I guess Duce Staley must be of Zeke’s generation, too?
Thanks for your comment.
I suppose is all depends on your definition of the term “quit”. Declaring that you are bailing for the NFL when you still have your teams biggest game versus a hated rival on the horizon is poor form no matter how you slice it. Even if you play the following week, it is clear where your head is.
He’s an emotional kid who lost, I get that.
He’s also been in the media cross-hairs for long enough to know the appropriate response following a loss and the proper forum for airing grievances. Protip: it isn’t after a 2.8 yards a carry performance for a supposed Heisman contender.
As for Kelly, his issues are likely personnel related (which he also owns). And I haven’t heard him lay blame anywhere else.
I think your article was good, but I think you just picked two people in the news this weekend, as opposed to two people that might have really deserved it. Ezekiel Elliott has been a solid citizen at tOSU and in a moment of anger at losing his first game in years, one in which the coaching staff completely blew the game, he said some intemperate – which was uncharacteristic. CBSSportsline had a great article with 3 NFL scouts takes on it and they were all far more favorable than yours; of course, one of them may have also signed Greg Hardy, so consider the source.
As for Chip, just Google Chip Kelly blames Duce Staley. All of the top responses describe that, as expected, Chip passed the blame elsewhere.
The article had good lessons, but used bad examples to get there. I should also note, as a proud Iowan, I hate tOSU.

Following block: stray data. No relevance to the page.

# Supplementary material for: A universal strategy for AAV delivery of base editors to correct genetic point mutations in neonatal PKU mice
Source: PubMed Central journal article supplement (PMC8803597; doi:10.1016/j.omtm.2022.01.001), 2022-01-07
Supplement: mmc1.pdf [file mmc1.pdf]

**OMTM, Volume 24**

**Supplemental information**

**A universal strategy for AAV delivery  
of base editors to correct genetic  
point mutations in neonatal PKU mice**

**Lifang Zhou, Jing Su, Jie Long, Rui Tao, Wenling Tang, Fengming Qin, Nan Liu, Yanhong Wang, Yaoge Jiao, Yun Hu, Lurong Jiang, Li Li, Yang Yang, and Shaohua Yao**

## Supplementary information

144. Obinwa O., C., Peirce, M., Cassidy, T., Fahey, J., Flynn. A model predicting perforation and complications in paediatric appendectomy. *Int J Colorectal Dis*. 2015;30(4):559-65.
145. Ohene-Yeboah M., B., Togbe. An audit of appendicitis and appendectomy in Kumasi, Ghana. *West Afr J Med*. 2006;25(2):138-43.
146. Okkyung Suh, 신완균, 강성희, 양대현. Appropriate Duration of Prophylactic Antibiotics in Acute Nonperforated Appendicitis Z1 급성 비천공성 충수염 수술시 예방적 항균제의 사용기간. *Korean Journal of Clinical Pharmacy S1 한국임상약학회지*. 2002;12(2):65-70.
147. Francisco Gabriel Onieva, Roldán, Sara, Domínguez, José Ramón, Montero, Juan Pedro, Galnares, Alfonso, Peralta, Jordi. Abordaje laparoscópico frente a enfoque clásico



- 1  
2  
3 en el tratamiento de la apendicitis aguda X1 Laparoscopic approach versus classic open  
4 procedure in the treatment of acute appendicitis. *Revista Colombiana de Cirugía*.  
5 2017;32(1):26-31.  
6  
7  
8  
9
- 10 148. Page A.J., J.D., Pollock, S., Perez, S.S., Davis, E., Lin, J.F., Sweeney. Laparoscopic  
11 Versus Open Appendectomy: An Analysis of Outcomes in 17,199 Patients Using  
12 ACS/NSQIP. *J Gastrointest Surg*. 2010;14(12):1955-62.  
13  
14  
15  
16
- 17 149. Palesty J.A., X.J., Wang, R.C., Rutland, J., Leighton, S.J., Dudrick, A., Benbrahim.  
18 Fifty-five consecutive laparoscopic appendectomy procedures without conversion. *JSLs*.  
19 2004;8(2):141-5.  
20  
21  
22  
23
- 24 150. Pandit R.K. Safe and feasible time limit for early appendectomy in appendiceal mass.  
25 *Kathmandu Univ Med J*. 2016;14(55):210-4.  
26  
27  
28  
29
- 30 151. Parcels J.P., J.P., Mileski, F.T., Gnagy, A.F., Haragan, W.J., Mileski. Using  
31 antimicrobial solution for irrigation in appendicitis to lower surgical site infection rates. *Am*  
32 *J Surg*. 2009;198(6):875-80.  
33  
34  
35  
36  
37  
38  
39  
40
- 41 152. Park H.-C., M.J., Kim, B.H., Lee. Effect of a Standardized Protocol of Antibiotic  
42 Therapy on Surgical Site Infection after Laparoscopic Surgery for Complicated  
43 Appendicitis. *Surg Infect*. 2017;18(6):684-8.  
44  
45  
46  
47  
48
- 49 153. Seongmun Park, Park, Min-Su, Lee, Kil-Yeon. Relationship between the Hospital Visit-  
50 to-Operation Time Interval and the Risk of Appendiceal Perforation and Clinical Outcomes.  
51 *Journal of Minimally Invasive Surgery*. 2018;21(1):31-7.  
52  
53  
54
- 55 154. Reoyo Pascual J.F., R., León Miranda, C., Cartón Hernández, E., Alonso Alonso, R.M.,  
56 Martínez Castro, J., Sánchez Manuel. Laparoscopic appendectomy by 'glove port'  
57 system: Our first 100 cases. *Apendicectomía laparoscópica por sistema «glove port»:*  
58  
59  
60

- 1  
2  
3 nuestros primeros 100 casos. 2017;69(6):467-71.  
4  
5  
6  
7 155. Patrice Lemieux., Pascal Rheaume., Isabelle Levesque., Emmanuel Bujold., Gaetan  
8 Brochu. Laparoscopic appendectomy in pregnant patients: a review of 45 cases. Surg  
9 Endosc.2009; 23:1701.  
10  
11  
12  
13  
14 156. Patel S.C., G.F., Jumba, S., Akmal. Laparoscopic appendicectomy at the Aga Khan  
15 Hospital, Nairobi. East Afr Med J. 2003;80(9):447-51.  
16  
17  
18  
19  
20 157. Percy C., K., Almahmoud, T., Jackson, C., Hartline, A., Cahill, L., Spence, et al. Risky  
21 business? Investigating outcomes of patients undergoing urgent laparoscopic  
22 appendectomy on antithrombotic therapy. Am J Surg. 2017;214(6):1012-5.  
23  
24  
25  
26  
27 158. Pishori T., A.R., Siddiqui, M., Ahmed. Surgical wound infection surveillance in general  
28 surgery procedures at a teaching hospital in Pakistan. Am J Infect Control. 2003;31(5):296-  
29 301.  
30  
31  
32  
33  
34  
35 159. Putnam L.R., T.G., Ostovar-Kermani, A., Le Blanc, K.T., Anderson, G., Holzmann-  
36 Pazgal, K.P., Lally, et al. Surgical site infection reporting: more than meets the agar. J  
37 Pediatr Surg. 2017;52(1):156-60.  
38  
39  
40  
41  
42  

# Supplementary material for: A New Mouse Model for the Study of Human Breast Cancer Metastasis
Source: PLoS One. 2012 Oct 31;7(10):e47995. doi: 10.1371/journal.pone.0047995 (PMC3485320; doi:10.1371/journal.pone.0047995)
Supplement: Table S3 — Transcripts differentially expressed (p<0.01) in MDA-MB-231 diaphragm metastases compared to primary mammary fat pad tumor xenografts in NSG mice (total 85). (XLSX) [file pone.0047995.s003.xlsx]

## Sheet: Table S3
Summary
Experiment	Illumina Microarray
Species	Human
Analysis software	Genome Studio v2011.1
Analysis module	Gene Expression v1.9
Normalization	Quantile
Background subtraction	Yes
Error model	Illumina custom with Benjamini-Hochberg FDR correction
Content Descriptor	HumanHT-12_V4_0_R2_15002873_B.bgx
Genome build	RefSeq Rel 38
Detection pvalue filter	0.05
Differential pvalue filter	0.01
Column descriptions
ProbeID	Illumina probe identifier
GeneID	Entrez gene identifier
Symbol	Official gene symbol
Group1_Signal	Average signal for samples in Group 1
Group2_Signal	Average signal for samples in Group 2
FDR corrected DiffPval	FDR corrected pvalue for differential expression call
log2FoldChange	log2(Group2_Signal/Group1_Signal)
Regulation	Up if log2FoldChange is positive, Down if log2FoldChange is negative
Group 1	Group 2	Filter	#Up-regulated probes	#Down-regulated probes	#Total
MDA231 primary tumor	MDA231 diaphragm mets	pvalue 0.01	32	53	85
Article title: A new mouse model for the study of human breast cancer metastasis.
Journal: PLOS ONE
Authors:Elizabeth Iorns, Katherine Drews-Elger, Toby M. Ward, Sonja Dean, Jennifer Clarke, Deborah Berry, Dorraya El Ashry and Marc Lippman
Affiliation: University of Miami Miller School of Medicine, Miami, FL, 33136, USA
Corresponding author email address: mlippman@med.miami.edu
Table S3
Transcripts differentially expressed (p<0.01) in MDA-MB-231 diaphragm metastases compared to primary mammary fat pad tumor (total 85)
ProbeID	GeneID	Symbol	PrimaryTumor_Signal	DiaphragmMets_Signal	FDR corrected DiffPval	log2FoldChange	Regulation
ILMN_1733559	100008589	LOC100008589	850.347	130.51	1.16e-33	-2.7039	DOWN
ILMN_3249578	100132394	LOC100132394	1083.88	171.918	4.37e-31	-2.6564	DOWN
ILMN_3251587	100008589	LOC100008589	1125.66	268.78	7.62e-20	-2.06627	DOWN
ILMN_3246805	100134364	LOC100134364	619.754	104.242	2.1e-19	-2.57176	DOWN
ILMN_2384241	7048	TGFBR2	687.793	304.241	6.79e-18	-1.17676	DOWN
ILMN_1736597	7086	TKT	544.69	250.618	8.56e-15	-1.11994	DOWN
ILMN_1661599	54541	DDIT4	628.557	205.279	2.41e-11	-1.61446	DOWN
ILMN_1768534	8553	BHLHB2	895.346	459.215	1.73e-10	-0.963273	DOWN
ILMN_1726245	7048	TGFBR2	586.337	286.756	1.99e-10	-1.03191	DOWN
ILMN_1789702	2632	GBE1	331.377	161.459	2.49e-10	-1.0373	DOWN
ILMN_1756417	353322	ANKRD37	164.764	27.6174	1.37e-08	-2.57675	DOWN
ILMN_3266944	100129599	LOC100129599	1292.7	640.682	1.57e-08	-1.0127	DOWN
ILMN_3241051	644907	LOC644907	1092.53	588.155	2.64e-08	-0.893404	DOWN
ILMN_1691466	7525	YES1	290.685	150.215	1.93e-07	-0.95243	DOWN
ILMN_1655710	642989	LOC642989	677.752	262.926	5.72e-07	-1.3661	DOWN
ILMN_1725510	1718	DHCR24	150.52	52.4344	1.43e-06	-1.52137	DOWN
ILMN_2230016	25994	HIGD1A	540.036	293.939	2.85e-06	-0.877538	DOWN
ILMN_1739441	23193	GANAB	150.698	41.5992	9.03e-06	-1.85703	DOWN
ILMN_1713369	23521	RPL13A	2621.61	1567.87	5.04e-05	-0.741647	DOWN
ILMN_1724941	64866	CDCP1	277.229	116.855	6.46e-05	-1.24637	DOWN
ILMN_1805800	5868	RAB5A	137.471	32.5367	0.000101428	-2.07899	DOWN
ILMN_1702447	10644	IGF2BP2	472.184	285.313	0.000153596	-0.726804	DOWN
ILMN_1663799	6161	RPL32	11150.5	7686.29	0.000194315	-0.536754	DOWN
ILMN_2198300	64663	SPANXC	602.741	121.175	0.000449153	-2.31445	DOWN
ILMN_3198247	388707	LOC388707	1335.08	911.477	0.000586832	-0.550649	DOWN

Was it on the 66 yard run that Ezekiel Elliott quit on the Buckeye’s or one of the other 29 carries he had in the game? Michigan should be worried that if he got 7.1 yards a carry and two touchdowns on the #10 team in the country after quitting, what would have been the result if he announced he was coming back for another year?
While reasonable minds can disagree about his maturity, you owe the kid an apology for saying he quit on his team.
I agree he showed a lot of maturity in coming back and playing tough. That is impressive, and I fully admit he’s a young man who had a bad day and let emotion get the best of him. Been there myself.
What I also find interesting is the amazing coaching job by Urban to rally his team who seemingly lost 90% of their motivation, was in-fighting and focused internally. You’ve been a vocal critic of his, you have to admit there was some coaching and leadership displayed here by both player and coach.
I still don’t think I ever read the words, “I apologize….”
I will freely acknowledge that St. Urban coached ’em up – he has many critics, but none of them have ever said the man can’t coach young men to play football. Some have said that he is a hypocrite and used Tim Tebow’s halo to shroud what was a clearly out of control football team in Gainesville, but come Saturday, that team was ready to play.
You’re right that I am critical, but I prefer my villains of the black hat variety – a Jerry Tarkanian or Al Davis, but not one that steals from the collection plate at the same time he’s saying, “Peace be with you,” to his pew-mates.